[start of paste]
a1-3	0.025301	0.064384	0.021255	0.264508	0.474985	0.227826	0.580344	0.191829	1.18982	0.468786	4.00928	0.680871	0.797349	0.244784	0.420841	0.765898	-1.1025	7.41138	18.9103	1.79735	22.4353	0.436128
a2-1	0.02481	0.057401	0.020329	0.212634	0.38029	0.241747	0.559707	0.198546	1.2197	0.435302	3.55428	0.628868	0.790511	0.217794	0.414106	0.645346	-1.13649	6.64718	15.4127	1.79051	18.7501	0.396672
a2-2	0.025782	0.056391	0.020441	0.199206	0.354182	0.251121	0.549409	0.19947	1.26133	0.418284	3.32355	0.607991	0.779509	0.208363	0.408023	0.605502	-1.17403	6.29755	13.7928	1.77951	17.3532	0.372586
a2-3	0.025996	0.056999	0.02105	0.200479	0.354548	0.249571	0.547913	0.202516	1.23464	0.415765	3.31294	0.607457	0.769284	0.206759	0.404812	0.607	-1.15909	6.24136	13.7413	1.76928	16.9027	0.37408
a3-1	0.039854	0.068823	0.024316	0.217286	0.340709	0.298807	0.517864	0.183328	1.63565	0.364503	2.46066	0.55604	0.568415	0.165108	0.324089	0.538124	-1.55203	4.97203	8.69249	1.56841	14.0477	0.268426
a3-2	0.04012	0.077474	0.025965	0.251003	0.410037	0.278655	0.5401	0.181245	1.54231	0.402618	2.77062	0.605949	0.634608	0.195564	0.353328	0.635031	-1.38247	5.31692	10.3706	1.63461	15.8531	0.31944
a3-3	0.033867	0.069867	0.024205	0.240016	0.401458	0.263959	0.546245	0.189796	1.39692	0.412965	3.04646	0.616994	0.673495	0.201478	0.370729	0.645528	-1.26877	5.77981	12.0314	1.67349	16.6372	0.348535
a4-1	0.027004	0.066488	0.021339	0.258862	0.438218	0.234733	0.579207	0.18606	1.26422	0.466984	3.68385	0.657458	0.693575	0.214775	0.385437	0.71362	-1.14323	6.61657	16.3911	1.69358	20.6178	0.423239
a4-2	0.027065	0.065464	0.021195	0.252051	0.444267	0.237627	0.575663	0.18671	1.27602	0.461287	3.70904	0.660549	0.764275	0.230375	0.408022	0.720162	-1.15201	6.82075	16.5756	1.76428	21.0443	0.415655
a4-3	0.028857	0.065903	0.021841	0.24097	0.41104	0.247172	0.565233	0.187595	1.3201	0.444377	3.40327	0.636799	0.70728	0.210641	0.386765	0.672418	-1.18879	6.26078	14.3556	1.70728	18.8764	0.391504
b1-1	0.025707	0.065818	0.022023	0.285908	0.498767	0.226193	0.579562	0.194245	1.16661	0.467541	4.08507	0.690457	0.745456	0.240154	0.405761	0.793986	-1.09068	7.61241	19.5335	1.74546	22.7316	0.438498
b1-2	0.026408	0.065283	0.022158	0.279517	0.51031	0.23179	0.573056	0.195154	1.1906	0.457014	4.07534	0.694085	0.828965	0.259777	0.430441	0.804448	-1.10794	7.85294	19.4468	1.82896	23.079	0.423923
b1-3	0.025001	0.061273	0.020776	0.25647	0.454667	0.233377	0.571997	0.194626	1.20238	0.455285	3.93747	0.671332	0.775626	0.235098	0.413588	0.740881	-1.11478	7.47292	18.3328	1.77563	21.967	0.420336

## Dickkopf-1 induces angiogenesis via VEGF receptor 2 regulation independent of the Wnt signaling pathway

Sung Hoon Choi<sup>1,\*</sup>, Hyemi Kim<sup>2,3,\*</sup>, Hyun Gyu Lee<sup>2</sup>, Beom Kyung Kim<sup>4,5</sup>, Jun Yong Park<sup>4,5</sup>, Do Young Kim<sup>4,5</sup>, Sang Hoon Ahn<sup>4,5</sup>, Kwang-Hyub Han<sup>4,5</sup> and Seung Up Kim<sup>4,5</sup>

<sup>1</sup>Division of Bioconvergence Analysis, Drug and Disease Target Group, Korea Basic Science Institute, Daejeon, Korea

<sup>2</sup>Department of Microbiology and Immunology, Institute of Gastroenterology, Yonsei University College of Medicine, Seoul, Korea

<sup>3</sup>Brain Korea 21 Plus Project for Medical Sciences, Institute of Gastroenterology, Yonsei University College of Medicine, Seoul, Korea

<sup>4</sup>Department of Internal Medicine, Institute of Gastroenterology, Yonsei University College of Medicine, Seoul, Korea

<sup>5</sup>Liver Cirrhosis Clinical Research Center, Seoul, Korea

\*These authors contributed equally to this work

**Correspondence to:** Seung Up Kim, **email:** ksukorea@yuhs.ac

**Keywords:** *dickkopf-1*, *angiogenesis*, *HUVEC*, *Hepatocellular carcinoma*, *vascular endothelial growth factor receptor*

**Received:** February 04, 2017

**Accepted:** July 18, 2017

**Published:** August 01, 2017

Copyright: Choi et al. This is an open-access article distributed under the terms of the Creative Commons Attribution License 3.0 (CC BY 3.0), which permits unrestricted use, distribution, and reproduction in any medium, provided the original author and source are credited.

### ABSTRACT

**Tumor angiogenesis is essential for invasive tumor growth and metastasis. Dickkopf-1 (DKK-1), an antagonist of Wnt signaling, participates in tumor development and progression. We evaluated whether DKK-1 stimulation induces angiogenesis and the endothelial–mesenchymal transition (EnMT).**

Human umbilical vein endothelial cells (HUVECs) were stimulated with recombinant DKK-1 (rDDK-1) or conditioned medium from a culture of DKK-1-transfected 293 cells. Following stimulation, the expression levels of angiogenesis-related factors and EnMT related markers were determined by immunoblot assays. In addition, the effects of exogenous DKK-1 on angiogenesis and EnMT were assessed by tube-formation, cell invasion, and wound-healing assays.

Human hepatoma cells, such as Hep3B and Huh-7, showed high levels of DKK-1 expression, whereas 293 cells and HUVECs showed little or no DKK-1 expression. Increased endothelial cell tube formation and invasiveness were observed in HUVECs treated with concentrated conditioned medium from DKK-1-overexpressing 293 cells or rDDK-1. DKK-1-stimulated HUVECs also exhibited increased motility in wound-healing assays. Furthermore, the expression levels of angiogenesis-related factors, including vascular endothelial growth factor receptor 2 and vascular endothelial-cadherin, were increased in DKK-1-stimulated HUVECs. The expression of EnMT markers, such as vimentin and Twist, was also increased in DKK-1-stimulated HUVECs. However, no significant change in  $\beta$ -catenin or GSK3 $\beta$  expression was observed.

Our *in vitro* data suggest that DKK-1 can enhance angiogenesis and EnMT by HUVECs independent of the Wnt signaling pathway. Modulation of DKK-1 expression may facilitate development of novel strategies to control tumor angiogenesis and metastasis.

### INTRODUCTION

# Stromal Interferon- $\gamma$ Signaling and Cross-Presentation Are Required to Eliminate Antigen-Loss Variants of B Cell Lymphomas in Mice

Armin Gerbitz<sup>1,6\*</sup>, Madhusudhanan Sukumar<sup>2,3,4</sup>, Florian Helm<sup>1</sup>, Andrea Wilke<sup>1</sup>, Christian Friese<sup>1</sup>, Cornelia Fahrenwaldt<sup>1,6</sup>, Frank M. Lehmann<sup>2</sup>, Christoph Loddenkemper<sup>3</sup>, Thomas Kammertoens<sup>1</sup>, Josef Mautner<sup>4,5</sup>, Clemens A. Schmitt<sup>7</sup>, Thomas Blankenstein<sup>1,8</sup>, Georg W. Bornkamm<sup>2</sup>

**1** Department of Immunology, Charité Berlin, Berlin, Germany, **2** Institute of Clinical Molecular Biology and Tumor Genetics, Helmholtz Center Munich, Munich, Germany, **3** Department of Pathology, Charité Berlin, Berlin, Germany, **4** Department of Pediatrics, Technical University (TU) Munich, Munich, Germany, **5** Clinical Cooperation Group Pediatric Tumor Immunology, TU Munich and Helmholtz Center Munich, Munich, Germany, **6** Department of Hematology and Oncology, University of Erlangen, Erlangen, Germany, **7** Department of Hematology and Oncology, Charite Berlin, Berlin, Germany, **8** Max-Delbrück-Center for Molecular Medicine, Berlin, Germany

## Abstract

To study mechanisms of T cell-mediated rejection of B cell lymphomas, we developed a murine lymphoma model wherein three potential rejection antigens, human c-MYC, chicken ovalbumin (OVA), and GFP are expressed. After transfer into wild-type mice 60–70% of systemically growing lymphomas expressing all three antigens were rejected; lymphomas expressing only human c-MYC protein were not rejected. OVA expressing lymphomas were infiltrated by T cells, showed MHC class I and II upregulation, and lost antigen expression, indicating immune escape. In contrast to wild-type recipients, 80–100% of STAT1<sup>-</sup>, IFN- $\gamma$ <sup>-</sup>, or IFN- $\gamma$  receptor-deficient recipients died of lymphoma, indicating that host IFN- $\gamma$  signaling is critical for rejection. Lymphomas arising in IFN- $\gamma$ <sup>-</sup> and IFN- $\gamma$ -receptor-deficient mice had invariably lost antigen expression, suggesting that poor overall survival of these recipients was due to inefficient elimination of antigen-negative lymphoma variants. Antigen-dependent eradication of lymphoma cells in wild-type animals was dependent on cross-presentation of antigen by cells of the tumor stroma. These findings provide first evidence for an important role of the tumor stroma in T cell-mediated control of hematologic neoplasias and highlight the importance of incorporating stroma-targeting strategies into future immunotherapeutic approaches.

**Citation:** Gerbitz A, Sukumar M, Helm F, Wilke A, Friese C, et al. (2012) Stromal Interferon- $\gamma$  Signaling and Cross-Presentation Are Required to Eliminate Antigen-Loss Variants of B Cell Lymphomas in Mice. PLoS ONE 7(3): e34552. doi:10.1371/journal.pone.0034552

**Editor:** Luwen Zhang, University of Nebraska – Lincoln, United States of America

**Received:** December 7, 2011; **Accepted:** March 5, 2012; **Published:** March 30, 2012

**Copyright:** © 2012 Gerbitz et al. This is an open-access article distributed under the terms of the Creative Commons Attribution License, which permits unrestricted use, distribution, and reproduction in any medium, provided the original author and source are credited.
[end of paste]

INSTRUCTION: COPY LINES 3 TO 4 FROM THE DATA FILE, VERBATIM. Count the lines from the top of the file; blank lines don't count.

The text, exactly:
a2-2	0.025782	0.056391	0.020441	0.199206	0.354182	0.251121	0.549409	0.19947	1.26133	0.418284	3.32355	0.607991	0.779509	0.208363	0.408023	0.605502	-1.17403	6.29755	13.7928	1.77951	17.3532	0.372586
a2-3	0.025996	0.056999	0.02105	0.200479	0.354548	0.249571	0.547913	0.202516	1.23464	0.415765	3.31294	0.607457	0.769284	0.206759	0.404812	0.607	-1.15909	6.24136	13.7413	1.76928	16.9027	0.37408